Asked by siyeong Jang
on 19 Nov 2019 at 15:59

% Assumption that earth is orbiting circulary around sun

v=0.0172; % angular velocity of earth [au/day]

p=365; % orbital time of earth [day]

a=1; % orbital radius of earth [au]

[t,x]=ode45(@earth,[0:0.001:p],[a;0;0;v]);

plot(x(:,1),x(:,3));

function dxdt=earth(t,x)

g=2.959*10^(-4);

m=1;

dxdt=[x(2);-g*m*x(1)/(x(1)^2+x(3)^2)^1.5;x(4);-g*m*x(3)/(x(1)^2+x(3)^2)^1.5];

end

theoretically, the earth must moves closed orbit.

but it doesn`t for my code

long time later the earth is converge into sun

what does matter?

Answer by James Tursa
on 19 Nov 2019 at 17:48

Edited by James Tursa
on 19 Nov 2019 at 17:51

The RK methods don't match up well with the orbit DE problem because the integration errors tend to be systematic (e.g., always integrates a bit low) and build up over time. You can counteract this by specifying a tighter tolerance. Also, to get the best precision for your initial circular orbit calculate v programatically instead of hard coding it. E.g.,

g = 2.959e-4;

v = sqrt(g/a);

n = sqrt(g/a^3);

p = 2*pi/n;

options = odeset('RelTol',1e-10);

[t,x]=ode45(@earth,[0:0.001:20*p],[a;0;0;v],options);

siyeong Jang
on 20 Nov 2019 at 5:13

Thank you for your advice.

I have one more question.

what is the diffrent between solver ode45 and ode113.

it`s make different result in restricted three body problem.

whait is the correct?

James Tursa
on 20 Nov 2019 at 16:25

I could only point you to the doc for details of the differences:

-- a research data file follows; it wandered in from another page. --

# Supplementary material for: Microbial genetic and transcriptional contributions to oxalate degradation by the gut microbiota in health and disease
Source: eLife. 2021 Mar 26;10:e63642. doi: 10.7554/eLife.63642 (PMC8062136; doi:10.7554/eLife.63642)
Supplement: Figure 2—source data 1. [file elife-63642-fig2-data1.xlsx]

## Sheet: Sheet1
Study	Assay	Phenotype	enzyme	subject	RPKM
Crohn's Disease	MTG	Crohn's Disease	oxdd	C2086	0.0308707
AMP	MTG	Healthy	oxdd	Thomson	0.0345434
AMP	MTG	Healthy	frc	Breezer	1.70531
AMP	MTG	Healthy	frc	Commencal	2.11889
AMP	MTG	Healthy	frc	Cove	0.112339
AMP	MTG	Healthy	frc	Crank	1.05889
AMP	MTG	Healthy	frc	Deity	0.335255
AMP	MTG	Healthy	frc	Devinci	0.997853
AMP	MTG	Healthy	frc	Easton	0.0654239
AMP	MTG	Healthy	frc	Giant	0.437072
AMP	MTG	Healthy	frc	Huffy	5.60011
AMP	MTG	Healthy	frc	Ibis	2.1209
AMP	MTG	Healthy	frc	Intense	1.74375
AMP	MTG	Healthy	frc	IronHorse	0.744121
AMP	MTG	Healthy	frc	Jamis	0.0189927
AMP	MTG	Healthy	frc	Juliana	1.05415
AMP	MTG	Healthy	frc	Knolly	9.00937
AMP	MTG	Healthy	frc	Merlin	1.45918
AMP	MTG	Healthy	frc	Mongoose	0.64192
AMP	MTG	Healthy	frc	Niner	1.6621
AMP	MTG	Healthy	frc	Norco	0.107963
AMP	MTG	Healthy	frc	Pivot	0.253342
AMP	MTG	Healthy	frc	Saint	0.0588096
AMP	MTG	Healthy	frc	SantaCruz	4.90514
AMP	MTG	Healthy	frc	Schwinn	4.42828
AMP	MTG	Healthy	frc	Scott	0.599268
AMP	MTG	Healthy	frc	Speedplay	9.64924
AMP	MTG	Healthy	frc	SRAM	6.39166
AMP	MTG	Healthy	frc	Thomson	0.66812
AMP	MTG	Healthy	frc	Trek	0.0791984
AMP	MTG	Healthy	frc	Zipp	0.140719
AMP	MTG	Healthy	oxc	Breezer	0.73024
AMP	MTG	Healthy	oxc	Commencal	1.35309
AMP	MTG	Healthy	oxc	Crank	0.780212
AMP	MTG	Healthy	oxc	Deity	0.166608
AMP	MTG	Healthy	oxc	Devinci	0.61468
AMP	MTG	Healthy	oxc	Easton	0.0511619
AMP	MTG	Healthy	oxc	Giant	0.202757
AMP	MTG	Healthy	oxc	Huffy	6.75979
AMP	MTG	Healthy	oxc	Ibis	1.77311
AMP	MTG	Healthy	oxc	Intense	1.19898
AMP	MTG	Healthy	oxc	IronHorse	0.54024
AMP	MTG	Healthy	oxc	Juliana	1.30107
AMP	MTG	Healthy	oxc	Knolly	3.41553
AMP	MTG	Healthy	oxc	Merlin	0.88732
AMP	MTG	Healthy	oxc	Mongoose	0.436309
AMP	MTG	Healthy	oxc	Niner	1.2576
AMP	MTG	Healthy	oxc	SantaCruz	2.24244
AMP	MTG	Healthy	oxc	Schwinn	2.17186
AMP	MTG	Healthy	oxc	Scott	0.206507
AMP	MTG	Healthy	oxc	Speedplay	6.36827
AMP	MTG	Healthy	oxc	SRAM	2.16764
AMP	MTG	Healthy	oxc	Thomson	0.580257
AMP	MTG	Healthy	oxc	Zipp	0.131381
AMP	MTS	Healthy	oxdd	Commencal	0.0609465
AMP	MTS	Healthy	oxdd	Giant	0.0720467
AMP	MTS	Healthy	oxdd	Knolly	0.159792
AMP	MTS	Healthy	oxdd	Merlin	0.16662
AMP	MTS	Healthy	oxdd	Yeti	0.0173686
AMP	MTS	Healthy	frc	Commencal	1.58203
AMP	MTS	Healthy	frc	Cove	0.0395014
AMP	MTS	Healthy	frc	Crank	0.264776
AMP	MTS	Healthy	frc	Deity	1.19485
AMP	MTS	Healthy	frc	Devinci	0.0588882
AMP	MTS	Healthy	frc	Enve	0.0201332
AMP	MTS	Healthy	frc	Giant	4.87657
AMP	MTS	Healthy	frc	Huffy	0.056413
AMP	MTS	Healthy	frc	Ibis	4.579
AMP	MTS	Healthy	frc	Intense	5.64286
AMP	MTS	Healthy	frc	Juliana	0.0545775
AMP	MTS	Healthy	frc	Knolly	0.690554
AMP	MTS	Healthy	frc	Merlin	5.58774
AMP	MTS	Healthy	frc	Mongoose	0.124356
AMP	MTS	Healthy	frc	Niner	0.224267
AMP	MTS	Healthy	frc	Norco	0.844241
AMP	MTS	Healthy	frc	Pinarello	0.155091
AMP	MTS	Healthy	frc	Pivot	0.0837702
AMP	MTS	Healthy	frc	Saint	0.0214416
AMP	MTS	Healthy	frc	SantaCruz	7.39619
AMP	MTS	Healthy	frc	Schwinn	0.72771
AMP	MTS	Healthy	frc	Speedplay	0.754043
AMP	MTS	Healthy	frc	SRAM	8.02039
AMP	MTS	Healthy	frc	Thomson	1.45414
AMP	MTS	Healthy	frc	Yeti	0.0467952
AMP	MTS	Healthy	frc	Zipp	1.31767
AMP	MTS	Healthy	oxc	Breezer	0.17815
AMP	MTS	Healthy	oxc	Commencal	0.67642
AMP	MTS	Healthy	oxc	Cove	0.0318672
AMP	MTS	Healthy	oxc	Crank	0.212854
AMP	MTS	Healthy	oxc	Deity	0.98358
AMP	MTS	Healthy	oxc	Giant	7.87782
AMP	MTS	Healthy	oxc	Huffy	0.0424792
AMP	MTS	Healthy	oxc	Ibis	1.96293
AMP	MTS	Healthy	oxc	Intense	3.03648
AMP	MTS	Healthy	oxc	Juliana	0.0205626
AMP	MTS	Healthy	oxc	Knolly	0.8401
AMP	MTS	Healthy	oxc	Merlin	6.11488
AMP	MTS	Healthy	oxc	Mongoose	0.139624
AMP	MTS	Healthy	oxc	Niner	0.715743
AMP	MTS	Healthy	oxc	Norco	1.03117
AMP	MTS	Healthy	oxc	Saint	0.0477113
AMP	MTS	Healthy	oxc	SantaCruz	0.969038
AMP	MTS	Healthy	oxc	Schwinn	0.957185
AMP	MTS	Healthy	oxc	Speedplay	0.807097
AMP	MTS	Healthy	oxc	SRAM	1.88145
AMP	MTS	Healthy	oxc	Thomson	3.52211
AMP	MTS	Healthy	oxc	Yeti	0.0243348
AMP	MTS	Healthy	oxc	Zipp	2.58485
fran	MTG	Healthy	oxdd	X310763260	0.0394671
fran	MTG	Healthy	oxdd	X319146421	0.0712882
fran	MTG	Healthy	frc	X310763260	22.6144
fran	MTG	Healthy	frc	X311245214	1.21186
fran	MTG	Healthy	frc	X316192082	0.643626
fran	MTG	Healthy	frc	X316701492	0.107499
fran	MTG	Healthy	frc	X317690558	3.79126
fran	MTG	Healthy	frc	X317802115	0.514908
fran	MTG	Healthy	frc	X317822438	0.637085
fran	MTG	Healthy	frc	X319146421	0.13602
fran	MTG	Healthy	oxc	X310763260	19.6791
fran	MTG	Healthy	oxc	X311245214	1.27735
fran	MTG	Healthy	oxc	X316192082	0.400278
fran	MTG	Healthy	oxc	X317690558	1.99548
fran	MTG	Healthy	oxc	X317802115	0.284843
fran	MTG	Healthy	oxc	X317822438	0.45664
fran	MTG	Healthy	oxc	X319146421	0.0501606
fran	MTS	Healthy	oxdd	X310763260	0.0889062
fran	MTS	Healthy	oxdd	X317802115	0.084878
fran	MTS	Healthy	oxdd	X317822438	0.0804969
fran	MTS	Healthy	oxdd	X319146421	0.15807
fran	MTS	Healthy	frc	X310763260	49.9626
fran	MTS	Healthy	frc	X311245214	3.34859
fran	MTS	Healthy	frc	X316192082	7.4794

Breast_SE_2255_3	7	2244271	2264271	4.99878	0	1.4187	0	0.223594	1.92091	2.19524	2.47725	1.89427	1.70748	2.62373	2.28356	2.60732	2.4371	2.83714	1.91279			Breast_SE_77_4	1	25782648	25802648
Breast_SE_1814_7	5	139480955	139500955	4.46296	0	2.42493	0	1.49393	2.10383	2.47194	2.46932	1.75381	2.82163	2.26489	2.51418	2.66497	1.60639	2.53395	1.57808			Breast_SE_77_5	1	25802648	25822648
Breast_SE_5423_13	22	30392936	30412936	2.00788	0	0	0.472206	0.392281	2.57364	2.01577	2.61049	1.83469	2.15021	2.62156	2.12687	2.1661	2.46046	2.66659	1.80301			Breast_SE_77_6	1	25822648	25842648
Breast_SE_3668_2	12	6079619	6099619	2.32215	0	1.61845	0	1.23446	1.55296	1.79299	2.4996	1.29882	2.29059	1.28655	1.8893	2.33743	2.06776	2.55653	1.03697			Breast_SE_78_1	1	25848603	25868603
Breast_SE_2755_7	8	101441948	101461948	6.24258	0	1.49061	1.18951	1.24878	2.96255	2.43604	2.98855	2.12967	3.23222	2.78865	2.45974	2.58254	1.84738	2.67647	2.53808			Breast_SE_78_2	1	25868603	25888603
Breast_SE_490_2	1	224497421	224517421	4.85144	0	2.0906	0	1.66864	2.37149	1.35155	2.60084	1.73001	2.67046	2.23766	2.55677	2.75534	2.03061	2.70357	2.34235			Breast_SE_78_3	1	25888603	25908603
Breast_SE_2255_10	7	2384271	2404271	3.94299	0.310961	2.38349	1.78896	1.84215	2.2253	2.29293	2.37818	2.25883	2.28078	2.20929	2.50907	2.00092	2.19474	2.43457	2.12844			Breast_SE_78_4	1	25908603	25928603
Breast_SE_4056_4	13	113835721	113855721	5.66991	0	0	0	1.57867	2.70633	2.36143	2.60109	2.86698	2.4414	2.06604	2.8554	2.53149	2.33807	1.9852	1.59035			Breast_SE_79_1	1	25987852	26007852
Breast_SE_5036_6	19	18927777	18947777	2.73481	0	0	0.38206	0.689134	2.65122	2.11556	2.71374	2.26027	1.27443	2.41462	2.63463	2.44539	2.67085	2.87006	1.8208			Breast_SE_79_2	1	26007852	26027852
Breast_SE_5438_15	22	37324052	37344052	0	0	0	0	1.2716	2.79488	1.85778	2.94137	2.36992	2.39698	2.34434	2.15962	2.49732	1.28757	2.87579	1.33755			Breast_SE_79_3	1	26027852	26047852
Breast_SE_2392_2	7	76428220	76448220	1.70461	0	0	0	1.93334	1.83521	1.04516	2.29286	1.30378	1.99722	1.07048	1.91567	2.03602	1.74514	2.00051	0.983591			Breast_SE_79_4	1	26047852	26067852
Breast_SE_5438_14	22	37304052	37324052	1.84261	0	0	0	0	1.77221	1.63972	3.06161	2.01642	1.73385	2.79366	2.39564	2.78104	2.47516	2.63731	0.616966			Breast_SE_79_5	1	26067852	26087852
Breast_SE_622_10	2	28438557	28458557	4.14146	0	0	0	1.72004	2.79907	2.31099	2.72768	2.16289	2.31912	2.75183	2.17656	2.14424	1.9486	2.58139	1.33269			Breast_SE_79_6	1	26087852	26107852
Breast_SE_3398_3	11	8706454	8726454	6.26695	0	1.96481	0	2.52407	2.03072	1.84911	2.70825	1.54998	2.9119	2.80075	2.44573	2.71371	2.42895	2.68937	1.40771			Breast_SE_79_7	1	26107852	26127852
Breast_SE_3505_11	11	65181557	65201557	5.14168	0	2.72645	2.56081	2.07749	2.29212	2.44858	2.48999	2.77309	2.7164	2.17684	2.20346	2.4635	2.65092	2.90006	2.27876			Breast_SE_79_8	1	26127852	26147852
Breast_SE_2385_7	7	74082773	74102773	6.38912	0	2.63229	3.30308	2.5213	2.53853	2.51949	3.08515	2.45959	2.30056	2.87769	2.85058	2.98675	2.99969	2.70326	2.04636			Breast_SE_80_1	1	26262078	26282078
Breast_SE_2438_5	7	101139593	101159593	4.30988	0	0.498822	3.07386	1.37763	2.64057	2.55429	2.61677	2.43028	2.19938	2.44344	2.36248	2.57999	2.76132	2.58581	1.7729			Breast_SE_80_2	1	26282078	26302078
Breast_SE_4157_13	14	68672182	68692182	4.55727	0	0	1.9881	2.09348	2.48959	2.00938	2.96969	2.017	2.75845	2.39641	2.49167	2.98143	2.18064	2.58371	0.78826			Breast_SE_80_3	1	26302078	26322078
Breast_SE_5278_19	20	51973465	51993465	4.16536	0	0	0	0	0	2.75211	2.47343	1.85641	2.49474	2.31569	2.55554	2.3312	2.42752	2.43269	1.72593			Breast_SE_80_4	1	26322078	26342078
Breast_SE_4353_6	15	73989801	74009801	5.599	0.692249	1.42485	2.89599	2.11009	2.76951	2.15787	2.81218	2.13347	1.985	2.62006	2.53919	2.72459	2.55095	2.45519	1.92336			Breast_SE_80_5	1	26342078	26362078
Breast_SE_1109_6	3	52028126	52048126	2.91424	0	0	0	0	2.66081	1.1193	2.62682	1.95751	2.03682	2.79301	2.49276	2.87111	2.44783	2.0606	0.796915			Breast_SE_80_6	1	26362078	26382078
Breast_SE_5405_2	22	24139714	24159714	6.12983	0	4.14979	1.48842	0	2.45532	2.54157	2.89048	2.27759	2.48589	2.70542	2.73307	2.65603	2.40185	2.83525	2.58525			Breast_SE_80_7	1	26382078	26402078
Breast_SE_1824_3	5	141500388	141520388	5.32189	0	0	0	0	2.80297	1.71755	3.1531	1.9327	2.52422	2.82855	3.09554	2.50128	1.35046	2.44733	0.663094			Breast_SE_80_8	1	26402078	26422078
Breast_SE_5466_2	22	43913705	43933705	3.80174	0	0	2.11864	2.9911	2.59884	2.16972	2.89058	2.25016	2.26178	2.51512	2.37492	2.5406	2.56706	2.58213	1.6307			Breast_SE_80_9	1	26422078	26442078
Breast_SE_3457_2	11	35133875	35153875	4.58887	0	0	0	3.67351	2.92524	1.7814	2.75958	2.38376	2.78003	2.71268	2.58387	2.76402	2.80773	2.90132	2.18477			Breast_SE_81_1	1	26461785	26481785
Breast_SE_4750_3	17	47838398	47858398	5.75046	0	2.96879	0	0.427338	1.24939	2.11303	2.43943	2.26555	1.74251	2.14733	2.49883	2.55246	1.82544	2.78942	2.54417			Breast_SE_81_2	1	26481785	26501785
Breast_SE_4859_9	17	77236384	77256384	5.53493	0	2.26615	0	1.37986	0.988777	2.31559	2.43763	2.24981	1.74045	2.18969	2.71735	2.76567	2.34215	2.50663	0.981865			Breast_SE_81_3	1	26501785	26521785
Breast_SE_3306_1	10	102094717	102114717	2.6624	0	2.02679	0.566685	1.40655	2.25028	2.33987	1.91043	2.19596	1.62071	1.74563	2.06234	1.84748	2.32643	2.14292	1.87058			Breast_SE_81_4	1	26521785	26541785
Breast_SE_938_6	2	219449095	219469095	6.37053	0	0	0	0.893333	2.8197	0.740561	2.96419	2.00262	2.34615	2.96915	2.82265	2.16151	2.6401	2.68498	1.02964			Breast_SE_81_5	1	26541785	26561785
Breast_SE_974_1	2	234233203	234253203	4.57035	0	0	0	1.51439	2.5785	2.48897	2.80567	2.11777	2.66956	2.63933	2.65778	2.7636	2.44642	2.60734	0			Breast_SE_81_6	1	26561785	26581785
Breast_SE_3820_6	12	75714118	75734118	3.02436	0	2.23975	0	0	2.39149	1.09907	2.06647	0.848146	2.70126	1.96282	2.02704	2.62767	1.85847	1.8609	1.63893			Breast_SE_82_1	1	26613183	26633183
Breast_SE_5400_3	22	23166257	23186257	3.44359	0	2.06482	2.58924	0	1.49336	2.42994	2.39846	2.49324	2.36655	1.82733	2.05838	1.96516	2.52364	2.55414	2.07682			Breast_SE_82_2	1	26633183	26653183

In particular, see the "ODE with Stringent Error Threshold" example for a comparison of ode45 and ode113 in a two-body problem.

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Answer by Jim Riggs
on 19 Nov 2019 at 20:12

Edited by Jim Riggs
on 19 Nov 2019 at 20:27

I have studied the 2-body problem and the accuracy of different numerical solutions. See my comments in this thread:

I have found that the 4th order runge kutta is the most efficient solver for the 2 body problem. (This means that ode45 is a good choice)

I will reitterate what James Tursa says, you will NEVER get a closed orbit using a numerical approximation, it is only a matter of controlling the size of the error. This is why we do sensitivity studies to measure the numerical error as a functionof solver type and time step. The 2-body problem is a good one for evaluating numerical erors, since the 2 body problem SHOULD be a closed orbit, any deviation is ascribed to the solver, (but, note this is only true when positions are mesured from the system barycenter. Since you have pinned the sun position so that it does not move, you are OK)

Again, see the discussion at the given link.

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